The University of West Georgia works to build connectivity and meaningful relationships in all areas of the communities it serves. Through a partnership with the U.S. Department of Education (DOE), UWG will now help people who are incarcerated receive Pell Grants, allowing them to continue their education and look toward a fresh start.
Only 200 schools in the U.S. currently participate in the DOE’s Second Chance Pell Experiment. Kelley Christopher, senior lecturer in UWG’s Department of Civic Engagement and Public Service, led the efforts to ensure the university was chosen for the program.
“Offering a degree inside a correctional facility from an accredited university like UWG will be a game-changer,” Christopher said. “With a four-year degree, returning citizens have a much better chance of securing stable employment and housing, making it possible to financially support or regain custody of their children and experience, maybe for the first time in their lives, a decent standard of living.”
Although this project was led by Christopher, she said she couldn’t have done it without a strong support system, including Dr. Abigail Kolb, Dr. Vanessa Woodward Griffin and Dr. Paul Rutledge, all of UWG’s University College, and Dr. Tiffany Parsons of UWG’s College of Arts, Culture and Scientific Inquiry.
Dr. Jon Preston, UWG’s provost and senior vice president for academic affairs, said he is immensely impressed with the team’s work to bring this initiative to life for the university.
“We are thrilled UWG has been selected as a Second Chance Pell Experiment site, and this milestone would not have been possible without our faculty’s tremendous efforts,” Preston said. “This project will doubtlessly bring about immeasurable positive outcomes in the lives of individuals who are incarcerated, their loved ones and society as a whole. As an institution focused on serving students and the community, we are proud and excited to be part of this.”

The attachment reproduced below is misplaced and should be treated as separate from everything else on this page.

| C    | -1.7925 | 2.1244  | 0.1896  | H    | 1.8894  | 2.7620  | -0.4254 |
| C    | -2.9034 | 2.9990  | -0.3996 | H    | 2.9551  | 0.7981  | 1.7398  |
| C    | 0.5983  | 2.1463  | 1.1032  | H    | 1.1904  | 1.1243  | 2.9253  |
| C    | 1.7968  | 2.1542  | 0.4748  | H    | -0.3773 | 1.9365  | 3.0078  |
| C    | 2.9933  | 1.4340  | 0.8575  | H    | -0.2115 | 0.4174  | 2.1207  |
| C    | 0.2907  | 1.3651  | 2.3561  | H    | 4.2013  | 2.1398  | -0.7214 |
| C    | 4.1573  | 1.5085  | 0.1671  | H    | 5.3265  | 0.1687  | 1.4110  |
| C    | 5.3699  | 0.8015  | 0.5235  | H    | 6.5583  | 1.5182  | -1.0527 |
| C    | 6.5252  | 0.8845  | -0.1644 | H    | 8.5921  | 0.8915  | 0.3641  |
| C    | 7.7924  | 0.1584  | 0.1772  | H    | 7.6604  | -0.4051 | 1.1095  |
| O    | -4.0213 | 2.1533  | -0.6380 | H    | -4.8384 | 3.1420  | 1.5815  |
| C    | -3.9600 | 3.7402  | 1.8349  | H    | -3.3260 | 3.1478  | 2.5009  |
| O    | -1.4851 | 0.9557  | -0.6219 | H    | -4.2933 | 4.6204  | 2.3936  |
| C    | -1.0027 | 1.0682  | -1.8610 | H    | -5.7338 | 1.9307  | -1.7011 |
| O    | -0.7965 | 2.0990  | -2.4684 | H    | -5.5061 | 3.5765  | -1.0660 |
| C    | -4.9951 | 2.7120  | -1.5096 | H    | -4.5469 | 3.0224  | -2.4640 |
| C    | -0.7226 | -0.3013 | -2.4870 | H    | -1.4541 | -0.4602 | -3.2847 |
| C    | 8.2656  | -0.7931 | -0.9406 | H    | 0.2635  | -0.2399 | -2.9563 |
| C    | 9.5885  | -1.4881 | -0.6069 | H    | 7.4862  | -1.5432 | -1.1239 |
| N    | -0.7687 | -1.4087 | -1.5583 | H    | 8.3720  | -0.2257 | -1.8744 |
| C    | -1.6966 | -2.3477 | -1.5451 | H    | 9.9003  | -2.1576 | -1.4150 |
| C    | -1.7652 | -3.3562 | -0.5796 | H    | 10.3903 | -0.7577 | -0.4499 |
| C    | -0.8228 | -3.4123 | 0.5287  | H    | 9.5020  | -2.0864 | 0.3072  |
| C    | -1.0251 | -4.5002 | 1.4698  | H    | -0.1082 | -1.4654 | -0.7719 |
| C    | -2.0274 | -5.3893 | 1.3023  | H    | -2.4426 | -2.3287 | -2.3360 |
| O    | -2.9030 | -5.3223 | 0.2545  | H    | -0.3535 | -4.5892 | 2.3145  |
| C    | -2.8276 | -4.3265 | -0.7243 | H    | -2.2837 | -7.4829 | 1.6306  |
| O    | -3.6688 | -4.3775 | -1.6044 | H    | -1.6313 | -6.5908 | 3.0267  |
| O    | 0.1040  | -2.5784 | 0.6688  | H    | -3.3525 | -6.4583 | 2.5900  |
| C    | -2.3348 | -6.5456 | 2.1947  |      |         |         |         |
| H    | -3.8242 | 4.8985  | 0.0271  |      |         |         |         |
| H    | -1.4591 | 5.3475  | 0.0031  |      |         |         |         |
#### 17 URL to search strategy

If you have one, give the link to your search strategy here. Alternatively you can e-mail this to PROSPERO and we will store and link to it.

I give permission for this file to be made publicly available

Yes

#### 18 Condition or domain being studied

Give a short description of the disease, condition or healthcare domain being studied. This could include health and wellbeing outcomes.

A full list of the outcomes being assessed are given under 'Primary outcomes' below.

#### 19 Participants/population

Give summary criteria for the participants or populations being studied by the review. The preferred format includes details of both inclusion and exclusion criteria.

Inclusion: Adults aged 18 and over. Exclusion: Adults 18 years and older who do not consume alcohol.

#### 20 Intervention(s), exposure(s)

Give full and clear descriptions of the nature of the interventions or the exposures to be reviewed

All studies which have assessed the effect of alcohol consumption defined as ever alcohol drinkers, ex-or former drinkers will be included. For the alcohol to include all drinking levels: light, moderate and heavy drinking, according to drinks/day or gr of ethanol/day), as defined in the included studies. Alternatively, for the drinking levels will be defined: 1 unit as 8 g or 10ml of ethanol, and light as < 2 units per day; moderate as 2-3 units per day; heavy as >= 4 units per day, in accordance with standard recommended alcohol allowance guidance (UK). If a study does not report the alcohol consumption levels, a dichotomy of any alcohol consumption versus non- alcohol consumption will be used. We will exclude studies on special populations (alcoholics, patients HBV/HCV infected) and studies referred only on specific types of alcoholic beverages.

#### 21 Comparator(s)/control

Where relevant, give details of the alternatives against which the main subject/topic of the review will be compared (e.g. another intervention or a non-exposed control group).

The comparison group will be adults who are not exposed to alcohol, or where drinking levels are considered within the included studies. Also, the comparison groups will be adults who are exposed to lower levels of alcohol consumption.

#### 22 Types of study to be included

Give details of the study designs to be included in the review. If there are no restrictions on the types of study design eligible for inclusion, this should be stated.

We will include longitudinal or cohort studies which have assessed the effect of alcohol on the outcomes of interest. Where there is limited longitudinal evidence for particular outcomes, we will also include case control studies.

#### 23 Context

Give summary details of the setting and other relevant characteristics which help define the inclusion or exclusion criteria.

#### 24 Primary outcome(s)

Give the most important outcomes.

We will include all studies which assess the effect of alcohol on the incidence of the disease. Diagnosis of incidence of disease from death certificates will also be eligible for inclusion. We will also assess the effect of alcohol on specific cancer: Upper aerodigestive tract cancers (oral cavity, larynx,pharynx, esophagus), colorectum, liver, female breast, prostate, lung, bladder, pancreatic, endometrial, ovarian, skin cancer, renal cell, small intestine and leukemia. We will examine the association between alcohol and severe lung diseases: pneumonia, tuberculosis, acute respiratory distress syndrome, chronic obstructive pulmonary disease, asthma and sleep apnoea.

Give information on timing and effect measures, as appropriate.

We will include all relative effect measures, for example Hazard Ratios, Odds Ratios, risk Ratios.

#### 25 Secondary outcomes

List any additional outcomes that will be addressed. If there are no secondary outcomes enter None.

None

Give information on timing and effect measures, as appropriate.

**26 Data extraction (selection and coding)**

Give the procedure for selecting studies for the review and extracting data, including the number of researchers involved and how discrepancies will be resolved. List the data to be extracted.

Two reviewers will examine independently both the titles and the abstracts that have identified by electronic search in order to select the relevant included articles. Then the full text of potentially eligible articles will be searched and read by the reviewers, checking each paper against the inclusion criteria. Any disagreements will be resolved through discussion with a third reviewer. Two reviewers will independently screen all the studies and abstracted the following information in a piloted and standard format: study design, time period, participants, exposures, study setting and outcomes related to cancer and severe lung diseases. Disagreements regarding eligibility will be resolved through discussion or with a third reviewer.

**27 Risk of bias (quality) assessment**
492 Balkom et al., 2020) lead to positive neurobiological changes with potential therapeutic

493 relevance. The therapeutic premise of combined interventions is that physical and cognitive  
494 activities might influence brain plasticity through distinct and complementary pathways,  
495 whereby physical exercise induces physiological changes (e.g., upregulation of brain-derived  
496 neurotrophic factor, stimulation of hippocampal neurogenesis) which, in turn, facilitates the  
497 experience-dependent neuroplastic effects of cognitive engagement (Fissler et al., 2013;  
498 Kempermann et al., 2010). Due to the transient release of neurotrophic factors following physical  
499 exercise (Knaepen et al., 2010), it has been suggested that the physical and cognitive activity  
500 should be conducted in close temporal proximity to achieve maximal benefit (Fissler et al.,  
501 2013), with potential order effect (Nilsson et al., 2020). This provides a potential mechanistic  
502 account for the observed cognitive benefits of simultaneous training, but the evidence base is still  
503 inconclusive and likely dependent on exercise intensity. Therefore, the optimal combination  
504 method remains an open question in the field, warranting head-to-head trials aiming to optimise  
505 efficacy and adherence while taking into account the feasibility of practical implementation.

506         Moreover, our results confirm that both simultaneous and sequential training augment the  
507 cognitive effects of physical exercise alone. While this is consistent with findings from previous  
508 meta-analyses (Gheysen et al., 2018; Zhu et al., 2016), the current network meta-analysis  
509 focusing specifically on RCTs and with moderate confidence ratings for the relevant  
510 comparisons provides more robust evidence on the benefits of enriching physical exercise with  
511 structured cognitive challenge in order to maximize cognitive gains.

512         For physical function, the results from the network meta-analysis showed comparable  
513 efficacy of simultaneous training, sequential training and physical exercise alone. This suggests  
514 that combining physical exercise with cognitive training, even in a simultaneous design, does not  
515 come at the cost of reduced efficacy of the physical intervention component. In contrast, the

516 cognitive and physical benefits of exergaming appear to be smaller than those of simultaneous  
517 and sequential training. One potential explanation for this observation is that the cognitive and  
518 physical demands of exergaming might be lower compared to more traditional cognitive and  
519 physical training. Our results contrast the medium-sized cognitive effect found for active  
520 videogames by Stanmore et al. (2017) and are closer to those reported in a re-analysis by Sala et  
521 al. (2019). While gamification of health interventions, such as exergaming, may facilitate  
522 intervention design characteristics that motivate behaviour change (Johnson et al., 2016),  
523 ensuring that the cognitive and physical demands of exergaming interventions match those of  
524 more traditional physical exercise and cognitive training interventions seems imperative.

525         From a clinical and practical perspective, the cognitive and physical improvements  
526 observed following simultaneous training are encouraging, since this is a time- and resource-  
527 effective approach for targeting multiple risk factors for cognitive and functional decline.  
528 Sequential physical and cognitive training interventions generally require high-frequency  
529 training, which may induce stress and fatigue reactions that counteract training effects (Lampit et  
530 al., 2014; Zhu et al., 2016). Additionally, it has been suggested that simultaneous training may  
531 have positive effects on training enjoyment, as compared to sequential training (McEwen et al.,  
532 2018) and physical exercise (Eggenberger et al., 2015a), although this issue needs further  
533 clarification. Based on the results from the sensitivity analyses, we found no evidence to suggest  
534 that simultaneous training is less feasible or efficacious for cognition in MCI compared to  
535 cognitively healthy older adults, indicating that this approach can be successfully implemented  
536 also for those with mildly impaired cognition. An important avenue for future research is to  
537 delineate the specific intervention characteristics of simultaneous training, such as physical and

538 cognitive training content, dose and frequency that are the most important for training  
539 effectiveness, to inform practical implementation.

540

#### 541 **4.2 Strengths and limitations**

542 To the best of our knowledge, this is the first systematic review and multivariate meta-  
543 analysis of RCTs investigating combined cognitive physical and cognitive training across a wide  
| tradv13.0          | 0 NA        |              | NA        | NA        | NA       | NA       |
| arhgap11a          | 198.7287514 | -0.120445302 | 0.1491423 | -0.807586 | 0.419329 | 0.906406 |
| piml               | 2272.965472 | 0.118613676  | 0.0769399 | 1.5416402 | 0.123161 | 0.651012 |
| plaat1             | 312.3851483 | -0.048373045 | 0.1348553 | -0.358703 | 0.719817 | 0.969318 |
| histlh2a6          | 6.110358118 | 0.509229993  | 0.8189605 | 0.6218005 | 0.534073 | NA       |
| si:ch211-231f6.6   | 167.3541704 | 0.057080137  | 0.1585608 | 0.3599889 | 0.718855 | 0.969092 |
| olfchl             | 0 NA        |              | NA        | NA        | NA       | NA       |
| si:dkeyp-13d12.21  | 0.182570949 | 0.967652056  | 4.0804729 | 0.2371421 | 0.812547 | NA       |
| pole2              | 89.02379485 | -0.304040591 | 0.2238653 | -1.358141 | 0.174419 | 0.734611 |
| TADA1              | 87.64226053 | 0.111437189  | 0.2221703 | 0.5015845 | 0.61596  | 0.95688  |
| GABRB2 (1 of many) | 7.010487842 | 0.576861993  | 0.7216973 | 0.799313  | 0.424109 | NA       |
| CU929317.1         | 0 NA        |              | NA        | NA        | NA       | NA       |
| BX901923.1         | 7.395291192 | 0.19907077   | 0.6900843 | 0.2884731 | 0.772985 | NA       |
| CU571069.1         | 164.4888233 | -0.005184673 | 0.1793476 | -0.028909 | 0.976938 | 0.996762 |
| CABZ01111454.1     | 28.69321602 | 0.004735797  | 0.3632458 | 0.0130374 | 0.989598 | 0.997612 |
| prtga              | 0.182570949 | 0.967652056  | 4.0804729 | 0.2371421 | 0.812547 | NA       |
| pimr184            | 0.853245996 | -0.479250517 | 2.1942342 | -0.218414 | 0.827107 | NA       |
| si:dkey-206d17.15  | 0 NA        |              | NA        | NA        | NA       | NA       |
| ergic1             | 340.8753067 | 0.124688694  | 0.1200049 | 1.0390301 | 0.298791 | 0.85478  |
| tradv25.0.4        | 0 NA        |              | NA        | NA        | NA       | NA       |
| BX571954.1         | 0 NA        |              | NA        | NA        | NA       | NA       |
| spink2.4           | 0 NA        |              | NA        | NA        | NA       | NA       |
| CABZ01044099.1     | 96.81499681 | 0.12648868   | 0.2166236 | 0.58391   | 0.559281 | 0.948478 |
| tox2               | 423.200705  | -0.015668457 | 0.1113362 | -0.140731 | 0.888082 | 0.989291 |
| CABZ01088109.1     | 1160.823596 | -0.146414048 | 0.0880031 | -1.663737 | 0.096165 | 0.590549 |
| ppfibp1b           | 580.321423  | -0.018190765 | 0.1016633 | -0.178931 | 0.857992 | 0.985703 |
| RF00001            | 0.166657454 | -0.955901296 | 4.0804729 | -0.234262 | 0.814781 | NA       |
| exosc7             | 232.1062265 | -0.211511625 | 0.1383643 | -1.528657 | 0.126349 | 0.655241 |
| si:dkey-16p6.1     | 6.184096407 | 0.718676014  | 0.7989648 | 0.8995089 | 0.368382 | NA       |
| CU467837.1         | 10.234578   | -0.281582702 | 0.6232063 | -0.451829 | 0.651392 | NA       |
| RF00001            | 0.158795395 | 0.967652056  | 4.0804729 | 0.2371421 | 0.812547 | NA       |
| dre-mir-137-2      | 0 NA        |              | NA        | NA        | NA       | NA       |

The Second Chance Pell Experiment was first established in 2015 and – to date – participating students have earned more than 7,000 credentials, building new skills and improving their opportunities for success after reentry into society through the initiative. Selected colleges and universities partner with federal and state penal institutions to enroll thousands of students in educational and training programs.
“Many of these individuals are incarcerated during the same years their peers are attending college, earning degrees and establishing their careers,” Christopher said. “People who were in prison during these critical years will earn about half as much as their similarly situated counterparts throughout their lifetime. Leaving prison with an education can have a huge impact on those numbers – not to mention the impact it could have on the individual and their families.”
According to the U.S. Department of Education, providing education in prison is proven to reduce recidivism rates and is associated with higher employment rates, which in turn improves public safety and allows individuals to return home to their communities and contribute to society. Christopher said the program will indeed open doors and change lives.
“Research suggests that men and women who earn a college degree while incarcerated tend to live as law-abiding citizens upon release more often than those who do not,” she said. “The reduction in recidivism is beneficial for everyone economically and socially. It is just the right thing to do.”